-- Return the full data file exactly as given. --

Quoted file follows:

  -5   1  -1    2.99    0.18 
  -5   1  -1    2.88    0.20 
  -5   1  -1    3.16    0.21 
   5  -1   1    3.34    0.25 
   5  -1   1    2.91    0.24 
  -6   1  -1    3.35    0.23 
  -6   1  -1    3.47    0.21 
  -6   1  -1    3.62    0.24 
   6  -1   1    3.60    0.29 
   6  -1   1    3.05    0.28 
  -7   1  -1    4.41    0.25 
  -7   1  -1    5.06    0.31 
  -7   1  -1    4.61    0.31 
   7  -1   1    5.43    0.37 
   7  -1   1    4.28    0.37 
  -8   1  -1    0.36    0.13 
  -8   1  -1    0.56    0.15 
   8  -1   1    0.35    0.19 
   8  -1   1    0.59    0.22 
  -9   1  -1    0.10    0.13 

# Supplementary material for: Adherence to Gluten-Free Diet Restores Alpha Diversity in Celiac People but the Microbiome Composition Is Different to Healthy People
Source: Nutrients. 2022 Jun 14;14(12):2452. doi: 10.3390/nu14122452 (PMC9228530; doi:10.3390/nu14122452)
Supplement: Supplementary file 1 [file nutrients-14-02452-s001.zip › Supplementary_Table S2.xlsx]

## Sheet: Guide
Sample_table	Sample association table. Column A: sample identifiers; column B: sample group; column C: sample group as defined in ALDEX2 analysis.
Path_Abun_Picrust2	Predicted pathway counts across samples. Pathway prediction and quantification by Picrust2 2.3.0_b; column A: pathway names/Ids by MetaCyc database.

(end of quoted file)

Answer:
  -5   1  -1    2.99    0.18 
  -5   1  -1    2.88    0.20 
  -5   1  -1    3.16    0.21 
   5  -1   1    3.34    0.25 
   5  -1   1    2.91    0.24 
  -6   1  -1    3.35    0.23 
  -6   1  -1    3.47    0.21 
  -6   1  -1    3.62    0.24 
   6  -1   1    3.60    0.29 
   6  -1   1    3.05    0.28 
  -7   1  -1    4.41    0.25 
  -7   1  -1    5.06    0.31 
  -7   1  -1    4.61    0.31 
   7  -1   1    5.43    0.37 
   7  -1   1    4.28    0.37 
  -8   1  -1    0.36    0.13 
  -8   1  -1    0.56    0.15 
   8  -1   1    0.35    0.19 
   8  -1   1    0.59    0.22 
  -9   1  -1    0.10    0.13 

# Supplementary material for: Adherence to Gluten-Free Diet Restores Alpha Diversity in Celiac People but the Microbiome Composition Is Different to Healthy People
Source: Nutrients. 2022 Jun 14;14(12):2452. doi: 10.3390/nu14122452 (PMC9228530; doi:10.3390/nu14122452)
Supplement: Supplementary file 1 [file nutrients-14-02452-s001.zip › Supplementary_Table S2.xlsx]

## Sheet: Guide
Sample_table	Sample association table. Column A: sample identifiers; column B: sample group; column C: sample group as defined in ALDEX2 analysis.
Path_Abun_Picrust2	Predicted pathway counts across samples. Pathway prediction and quantification by Picrust2 2.3.0_b; column A: pathway names/Ids by MetaCyc database.